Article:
The conclusion of the matter for investors is returns, how much do they hope to return on an investment. Let us therefore examine an analysis of the return on the bourse in comparison with treasury bill and we present that comparison over the last decade. We will subsequently tell the stories of every company on the bourse and will follow the market closely with the view of contributing to an effective market place regulation but until then, let the comparison echo to the manager of the bourse that we need an effective bursar.

The Nominal return on the 91-day treasury bill from 2010 ranged from 12.25% to 25.79% whereas that of the stock market ranged from –17.94% to 78.81%. On the average, nominal returns on the 91-day treasury bill averaged 16.99% from 2010-to-date compared with an average nominal return of 11.73% on the bourse. To obtain the true or real return earned by investors for the two asset classes over the period, we need to factor in the respective annual inflation rates to arrive at the real return.

In real terms, the Ghana Stock Exchange averagely returned -0.09% compared with 5.17% on the 91-day treasury bill. The exchange irrespective of the return challenges still remains an important financing option and it is our view that we may work more closely with the Commission, Investors and Entrepreneurs in deepening and building a more effective money bag.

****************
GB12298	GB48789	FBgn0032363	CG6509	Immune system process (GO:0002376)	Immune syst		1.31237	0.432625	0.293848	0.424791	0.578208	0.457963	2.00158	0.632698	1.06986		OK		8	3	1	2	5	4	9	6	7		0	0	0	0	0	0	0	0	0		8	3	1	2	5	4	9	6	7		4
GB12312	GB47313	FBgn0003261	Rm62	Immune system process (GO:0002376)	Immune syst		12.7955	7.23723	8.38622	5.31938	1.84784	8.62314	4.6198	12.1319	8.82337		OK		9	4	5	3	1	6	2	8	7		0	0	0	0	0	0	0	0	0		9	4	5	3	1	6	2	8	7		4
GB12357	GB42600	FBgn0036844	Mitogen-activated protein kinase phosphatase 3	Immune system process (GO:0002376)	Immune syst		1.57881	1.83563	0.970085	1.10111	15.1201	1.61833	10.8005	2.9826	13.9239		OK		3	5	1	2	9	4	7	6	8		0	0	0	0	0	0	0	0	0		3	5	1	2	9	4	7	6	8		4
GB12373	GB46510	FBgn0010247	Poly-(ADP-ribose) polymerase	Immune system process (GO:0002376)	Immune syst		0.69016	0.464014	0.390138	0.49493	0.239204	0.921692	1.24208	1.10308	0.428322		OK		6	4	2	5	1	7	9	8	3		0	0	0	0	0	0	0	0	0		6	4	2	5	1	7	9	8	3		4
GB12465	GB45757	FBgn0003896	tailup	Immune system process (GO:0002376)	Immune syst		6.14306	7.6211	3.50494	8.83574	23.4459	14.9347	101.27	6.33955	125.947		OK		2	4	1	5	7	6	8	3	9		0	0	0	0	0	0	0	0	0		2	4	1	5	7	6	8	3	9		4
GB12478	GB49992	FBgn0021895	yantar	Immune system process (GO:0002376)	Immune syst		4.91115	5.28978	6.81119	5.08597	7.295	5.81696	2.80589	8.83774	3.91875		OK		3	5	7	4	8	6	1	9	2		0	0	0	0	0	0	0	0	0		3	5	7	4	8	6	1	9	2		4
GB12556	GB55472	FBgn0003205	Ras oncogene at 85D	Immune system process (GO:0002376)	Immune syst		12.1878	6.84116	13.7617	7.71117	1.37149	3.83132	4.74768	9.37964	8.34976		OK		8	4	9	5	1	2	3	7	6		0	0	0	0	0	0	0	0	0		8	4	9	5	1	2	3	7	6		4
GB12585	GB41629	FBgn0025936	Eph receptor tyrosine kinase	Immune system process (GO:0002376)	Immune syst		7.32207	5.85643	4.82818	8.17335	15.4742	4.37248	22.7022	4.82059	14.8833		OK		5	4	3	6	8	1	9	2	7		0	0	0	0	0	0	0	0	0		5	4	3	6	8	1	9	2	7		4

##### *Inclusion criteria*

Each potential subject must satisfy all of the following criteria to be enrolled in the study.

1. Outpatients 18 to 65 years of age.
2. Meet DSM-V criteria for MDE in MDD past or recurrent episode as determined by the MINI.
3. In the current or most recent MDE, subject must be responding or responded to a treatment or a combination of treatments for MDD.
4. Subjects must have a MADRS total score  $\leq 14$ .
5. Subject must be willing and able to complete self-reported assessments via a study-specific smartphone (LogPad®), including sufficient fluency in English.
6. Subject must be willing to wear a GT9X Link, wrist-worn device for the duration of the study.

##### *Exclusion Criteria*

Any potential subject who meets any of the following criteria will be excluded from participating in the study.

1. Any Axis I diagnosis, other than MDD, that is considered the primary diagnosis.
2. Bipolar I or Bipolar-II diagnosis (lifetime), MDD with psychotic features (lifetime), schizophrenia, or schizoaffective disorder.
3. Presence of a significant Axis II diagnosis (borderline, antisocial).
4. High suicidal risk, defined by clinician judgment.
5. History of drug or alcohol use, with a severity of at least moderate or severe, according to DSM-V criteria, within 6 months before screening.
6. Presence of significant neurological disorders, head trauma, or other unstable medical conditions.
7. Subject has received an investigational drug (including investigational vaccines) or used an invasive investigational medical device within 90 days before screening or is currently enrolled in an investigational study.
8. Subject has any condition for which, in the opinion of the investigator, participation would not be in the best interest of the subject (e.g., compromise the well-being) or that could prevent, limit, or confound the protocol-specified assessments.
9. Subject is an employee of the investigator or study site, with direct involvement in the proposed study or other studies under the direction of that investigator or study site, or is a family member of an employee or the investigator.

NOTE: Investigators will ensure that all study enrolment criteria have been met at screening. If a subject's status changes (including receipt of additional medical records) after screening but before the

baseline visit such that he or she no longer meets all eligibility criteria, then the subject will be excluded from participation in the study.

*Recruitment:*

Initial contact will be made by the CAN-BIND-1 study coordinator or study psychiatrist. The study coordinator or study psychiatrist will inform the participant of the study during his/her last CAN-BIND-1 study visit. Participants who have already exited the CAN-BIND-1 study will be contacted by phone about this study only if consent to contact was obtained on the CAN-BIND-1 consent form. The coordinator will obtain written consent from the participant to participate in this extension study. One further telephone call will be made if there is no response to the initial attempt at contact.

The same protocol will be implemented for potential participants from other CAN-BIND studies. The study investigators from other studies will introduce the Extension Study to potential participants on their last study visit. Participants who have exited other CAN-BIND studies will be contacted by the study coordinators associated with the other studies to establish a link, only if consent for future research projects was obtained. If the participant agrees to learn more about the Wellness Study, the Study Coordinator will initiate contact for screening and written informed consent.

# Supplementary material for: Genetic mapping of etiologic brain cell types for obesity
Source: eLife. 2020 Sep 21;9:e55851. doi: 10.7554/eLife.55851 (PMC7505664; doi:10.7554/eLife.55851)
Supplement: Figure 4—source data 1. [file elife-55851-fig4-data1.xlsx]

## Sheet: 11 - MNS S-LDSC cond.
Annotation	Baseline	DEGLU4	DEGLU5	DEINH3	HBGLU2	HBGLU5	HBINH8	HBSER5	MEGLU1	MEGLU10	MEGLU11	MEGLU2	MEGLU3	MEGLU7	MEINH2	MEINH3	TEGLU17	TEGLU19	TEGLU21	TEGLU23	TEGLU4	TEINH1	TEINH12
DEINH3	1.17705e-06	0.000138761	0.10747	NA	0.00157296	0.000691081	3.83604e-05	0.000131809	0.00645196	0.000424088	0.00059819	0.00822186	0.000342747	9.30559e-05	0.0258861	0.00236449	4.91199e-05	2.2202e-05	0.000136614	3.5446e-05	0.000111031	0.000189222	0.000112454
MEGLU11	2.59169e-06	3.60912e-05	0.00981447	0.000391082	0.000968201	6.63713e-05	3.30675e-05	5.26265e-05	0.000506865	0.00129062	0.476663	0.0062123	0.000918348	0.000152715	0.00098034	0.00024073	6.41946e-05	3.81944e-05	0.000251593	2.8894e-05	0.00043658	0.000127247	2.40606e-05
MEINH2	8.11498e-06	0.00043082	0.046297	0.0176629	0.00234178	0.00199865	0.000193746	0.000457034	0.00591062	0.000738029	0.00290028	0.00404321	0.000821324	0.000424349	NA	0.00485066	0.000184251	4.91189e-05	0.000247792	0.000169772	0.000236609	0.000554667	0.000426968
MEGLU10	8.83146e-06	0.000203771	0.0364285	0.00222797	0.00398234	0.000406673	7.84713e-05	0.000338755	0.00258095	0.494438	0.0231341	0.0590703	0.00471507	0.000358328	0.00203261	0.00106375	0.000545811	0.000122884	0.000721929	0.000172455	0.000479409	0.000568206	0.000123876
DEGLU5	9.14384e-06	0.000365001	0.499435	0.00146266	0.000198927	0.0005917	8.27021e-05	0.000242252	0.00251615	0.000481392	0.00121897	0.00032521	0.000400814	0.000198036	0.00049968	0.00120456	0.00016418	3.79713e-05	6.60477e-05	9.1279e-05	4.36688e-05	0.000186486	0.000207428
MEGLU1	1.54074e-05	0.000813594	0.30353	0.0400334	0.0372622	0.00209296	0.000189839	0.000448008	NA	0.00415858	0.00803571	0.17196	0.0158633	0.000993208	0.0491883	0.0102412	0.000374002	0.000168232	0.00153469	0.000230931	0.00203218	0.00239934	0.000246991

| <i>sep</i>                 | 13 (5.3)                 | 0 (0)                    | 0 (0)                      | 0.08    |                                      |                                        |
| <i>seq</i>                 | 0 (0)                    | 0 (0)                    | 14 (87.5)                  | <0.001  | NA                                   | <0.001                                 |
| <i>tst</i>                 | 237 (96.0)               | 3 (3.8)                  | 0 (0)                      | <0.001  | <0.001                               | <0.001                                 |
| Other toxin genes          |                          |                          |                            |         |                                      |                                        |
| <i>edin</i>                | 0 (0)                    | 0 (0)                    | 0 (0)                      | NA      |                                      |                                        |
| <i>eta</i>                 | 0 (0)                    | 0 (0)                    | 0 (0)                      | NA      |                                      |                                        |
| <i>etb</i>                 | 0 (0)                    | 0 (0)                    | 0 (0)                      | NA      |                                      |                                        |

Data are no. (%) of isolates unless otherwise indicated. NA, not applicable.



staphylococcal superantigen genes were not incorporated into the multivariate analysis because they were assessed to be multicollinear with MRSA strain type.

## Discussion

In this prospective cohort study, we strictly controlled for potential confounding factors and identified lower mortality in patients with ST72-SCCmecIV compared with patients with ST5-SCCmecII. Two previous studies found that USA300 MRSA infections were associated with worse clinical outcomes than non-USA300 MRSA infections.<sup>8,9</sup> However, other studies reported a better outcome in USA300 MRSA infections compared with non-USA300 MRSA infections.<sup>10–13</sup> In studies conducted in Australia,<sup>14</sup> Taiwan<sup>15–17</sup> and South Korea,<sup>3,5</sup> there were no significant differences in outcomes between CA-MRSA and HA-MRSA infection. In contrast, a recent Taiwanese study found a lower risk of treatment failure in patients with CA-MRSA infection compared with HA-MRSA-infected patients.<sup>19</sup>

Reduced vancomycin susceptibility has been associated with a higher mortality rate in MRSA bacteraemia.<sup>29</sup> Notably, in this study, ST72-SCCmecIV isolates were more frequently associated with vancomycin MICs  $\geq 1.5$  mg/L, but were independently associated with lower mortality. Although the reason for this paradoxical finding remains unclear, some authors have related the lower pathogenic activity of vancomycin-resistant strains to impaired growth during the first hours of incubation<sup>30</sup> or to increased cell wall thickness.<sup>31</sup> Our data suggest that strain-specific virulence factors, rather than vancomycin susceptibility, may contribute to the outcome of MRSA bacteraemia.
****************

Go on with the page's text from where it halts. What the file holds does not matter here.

Finally, the Legal requirements for Private Companies to convert to Public Companies are set out in Section 302 of Act 992. The requirements laid down are:

  1. The Company must pass a special resolution to alter its registered constitution in a manner that is appropriate to a public company.
  2. Within twenty-eight days after the date of the special resolution to alter its capacity to operate as a private company or alter the registered constitution, the company shall deliver to the Registrar for registration a copy of the resolution in accordance with section 165.
  3. The Registrar shall then be required to publish notice of the conversion of the company in the Companies Bulletin.
  4. In accordance with section 303 of Act 992, the public company shall within twenty-eight days after incorporation, or after its conversion from a private company deliver to the Registrar for registration a statement in lieu of prospectus, signed by every person, who is named in the statement as a director or a proposed director of the company or by the agent of that person authorized in writing.
  5. A copy of the statement in lieu of prospectus shall finally be delivered to the Commission.

It is our concluding hope that we will work together as a financial and regulatory practice, focusing corporations to appreciate the nature of Ghana’s exchange and investment landscape as a viable vehicle for portfolio management and funding option. My name is Yaw Sompa, I am a Lawyer, a Financial Risk Practitioner, and I believe in African Enterprise.

Disclaimer: This article does not constitute a legal opinion or financial advice and may only be used for educational purposes. Anyone who makes an election to use the article for any other purposes either than for the goal of educating the public makes that election freely and voluntarily, without liability on the author. You may however contact the author at [email protected] for any further clarifications.